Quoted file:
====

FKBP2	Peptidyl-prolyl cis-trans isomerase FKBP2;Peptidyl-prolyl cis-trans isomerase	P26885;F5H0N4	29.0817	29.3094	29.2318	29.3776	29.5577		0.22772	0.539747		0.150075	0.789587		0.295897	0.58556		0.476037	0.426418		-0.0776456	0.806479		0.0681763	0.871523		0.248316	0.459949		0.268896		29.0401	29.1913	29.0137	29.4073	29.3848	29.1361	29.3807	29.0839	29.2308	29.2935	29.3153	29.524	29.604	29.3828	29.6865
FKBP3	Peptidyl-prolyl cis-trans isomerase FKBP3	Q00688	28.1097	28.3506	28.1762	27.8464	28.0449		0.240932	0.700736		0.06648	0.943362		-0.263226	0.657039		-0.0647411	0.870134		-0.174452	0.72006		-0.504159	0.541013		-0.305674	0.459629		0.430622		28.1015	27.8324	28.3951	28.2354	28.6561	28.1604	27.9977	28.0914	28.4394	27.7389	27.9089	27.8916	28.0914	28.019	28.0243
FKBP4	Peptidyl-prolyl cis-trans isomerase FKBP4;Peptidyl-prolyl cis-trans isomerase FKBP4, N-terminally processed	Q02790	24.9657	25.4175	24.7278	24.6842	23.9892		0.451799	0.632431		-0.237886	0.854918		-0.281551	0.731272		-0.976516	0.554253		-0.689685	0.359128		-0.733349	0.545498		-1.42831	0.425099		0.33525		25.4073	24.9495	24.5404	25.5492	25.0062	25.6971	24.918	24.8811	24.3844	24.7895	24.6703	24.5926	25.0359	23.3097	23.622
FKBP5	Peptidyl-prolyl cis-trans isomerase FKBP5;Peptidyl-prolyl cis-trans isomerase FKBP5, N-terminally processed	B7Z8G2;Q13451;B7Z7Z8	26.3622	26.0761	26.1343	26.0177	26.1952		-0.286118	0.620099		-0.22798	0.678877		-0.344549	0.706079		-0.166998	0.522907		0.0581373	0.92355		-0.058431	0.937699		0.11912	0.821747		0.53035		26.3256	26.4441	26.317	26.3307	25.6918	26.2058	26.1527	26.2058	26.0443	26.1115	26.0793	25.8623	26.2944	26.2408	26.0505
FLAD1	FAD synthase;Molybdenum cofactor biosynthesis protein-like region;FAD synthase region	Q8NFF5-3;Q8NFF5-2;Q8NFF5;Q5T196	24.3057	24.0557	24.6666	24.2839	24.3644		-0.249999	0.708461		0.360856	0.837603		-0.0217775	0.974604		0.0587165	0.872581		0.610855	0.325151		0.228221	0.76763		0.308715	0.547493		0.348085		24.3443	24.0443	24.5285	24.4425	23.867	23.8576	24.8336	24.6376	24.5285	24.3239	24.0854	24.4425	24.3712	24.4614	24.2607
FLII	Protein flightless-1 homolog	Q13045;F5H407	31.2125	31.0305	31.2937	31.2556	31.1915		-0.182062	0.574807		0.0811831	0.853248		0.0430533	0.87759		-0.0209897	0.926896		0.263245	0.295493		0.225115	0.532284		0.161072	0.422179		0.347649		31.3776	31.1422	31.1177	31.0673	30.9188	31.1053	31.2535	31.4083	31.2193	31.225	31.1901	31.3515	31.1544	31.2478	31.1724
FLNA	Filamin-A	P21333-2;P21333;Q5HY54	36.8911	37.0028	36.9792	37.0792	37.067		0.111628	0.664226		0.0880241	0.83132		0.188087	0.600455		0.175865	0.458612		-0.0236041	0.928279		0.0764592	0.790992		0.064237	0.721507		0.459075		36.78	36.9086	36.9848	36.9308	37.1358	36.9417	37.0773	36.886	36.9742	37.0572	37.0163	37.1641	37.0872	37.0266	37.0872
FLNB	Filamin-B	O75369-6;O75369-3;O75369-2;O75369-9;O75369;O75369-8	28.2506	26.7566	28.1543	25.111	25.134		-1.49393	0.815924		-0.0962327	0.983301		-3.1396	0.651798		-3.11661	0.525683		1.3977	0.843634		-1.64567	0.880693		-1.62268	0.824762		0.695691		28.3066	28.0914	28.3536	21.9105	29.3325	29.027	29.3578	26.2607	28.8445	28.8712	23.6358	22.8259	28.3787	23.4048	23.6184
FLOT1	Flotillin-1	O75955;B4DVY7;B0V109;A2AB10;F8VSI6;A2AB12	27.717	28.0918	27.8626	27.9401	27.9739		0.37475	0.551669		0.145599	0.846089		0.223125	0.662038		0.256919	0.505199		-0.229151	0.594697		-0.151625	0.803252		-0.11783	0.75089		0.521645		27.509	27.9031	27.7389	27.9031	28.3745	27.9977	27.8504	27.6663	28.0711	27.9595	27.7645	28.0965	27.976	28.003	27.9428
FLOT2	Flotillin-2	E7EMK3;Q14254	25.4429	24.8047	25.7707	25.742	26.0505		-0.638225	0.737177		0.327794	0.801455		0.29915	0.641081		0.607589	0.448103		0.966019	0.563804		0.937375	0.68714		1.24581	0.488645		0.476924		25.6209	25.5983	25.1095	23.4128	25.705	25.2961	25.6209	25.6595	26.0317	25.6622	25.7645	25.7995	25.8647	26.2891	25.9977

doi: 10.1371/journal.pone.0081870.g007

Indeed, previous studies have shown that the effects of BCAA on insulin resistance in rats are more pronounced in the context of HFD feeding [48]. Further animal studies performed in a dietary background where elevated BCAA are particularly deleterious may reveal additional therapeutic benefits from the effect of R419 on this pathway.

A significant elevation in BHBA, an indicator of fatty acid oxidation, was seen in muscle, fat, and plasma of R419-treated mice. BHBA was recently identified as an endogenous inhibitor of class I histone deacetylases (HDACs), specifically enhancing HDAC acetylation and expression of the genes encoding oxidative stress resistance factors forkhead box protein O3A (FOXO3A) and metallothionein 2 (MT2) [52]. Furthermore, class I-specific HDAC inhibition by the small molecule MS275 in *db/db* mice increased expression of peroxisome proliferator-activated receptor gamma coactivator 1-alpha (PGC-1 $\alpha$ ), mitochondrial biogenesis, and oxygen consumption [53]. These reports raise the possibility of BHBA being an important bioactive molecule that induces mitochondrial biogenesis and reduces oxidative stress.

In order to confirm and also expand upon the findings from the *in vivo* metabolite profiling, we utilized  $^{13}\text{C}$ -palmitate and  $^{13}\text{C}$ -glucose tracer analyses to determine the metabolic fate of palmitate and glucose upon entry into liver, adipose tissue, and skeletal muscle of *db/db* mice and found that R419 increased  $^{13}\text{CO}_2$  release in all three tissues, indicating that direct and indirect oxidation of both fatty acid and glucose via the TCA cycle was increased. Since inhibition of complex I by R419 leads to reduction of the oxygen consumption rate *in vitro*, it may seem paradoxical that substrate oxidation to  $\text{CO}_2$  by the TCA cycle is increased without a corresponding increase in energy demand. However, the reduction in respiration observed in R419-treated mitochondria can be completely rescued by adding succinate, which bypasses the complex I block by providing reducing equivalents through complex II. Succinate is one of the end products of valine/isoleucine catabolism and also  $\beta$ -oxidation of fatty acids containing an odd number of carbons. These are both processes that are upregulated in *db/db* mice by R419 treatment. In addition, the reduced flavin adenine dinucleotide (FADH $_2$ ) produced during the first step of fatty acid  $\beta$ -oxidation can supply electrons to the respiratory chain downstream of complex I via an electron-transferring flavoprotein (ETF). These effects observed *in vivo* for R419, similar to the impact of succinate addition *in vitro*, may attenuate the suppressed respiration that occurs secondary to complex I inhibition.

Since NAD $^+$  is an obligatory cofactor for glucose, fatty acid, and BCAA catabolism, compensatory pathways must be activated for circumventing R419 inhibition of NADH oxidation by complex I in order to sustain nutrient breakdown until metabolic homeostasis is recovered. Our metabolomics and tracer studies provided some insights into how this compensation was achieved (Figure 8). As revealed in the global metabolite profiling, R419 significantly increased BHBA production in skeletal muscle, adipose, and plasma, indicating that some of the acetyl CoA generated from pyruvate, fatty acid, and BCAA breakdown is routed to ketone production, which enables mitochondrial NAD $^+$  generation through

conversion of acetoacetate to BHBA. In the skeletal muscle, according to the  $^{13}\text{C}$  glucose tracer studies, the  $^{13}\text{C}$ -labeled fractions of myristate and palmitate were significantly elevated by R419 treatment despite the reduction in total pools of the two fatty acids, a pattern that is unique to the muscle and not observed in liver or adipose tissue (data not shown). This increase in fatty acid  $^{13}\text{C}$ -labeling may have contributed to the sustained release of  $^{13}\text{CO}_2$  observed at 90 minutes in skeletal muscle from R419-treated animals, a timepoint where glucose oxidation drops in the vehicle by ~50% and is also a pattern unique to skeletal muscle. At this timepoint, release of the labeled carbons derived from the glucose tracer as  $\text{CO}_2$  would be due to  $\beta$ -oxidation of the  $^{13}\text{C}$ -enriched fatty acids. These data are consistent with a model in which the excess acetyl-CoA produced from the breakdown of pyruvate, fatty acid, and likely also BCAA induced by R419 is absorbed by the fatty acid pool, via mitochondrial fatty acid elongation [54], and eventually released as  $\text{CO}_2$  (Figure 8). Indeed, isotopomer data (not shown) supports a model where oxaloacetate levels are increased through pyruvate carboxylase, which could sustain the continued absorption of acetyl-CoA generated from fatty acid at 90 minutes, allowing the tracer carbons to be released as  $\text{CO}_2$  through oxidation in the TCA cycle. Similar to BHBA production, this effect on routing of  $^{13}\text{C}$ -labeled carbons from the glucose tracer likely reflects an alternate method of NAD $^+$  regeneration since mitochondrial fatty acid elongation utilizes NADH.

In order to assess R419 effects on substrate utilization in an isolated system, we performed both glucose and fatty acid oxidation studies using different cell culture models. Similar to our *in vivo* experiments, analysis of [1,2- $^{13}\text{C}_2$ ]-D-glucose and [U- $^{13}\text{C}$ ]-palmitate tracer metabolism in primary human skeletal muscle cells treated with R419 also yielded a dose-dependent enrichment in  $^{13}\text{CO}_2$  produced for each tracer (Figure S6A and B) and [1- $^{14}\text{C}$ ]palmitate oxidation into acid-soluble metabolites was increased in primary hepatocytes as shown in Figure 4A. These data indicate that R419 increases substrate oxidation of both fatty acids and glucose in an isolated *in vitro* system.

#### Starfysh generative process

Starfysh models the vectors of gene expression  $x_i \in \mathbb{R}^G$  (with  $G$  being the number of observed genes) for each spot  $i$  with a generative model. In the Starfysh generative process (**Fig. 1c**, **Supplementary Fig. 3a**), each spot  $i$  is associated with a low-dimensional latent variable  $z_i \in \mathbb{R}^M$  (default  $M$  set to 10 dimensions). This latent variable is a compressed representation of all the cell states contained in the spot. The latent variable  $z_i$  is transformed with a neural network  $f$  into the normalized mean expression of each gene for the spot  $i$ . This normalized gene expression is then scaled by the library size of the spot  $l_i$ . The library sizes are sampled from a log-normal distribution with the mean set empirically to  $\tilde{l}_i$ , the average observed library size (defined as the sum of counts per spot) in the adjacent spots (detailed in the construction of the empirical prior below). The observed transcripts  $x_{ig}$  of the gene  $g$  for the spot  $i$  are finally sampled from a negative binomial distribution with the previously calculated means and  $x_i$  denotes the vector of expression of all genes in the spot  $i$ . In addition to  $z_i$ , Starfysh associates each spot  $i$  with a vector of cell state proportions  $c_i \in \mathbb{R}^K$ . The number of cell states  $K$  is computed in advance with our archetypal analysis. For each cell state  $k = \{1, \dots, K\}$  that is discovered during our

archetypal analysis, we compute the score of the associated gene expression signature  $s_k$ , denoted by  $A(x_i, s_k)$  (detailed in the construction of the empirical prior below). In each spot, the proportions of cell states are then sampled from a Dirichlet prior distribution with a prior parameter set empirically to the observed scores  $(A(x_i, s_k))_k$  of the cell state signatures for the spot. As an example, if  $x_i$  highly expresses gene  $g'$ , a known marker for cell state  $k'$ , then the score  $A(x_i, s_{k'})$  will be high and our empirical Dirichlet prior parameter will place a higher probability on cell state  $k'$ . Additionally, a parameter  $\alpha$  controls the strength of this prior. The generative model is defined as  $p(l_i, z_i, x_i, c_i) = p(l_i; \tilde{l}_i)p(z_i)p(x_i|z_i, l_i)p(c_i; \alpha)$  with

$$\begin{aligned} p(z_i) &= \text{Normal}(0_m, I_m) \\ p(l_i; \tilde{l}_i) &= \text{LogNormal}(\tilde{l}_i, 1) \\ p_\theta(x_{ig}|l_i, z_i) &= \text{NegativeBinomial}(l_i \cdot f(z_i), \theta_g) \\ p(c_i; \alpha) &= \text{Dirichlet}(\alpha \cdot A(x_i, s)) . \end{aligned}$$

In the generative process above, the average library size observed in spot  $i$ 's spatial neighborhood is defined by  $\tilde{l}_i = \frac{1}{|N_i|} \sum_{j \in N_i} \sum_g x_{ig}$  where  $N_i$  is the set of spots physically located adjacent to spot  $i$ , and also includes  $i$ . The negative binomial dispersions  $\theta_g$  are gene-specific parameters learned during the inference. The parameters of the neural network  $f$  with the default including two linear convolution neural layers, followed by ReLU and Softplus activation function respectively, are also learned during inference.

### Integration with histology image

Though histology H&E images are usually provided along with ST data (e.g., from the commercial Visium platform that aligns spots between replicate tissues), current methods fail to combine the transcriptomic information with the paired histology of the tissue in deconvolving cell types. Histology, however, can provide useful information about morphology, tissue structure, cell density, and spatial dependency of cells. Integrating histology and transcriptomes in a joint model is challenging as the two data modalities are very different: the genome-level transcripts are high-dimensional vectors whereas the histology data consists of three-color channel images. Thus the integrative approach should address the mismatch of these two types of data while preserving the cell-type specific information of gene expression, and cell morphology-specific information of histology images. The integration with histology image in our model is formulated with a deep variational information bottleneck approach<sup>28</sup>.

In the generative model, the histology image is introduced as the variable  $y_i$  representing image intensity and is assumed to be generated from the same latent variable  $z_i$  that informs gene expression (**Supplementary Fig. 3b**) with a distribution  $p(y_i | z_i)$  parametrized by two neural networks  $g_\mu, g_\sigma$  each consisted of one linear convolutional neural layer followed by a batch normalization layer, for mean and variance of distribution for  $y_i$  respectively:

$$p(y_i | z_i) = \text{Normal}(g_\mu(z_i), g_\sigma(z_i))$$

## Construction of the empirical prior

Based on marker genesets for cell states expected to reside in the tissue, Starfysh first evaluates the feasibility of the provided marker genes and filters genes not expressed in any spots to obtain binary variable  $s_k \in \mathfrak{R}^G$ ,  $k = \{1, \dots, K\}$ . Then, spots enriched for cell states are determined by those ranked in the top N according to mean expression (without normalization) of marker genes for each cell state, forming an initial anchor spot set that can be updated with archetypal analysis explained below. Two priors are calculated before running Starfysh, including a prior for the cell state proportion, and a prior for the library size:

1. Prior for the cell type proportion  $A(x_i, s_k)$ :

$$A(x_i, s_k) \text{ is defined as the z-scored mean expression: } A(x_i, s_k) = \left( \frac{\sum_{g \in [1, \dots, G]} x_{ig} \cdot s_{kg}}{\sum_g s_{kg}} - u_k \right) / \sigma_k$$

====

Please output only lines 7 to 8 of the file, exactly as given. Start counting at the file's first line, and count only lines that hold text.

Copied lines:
FLNA	Filamin-A	P21333-2;P21333;Q5HY54	36.8911	37.0028	36.9792	37.0792	37.067		0.111628	0.664226		0.0880241	0.83132		0.188087	0.600455		0.175865	0.458612		-0.0236041	0.928279		0.0764592	0.790992		0.064237	0.721507		0.459075		36.78	36.9086	36.9848	36.9308	37.1358	36.9417	37.0773	36.886	36.9742	37.0572	37.0163	37.1641	37.0872	37.0266	37.0872
FLNB	Filamin-B	O75369-6;O75369-3;O75369-2;O75369-9;O75369;O75369-8	28.2506	26.7566	28.1543	25.111	25.134		-1.49393	0.815924		-0.0962327	0.983301		-3.1396	0.651798		-3.11661	0.525683		1.3977	0.843634		-1.64567	0.880693		-1.62268	0.824762		0.695691		28.3066	28.0914	28.3536	21.9105	29.3325	29.027	29.3578	26.2607	28.8445	28.8712	23.6358	22.8259	28.3787	23.4048	23.6184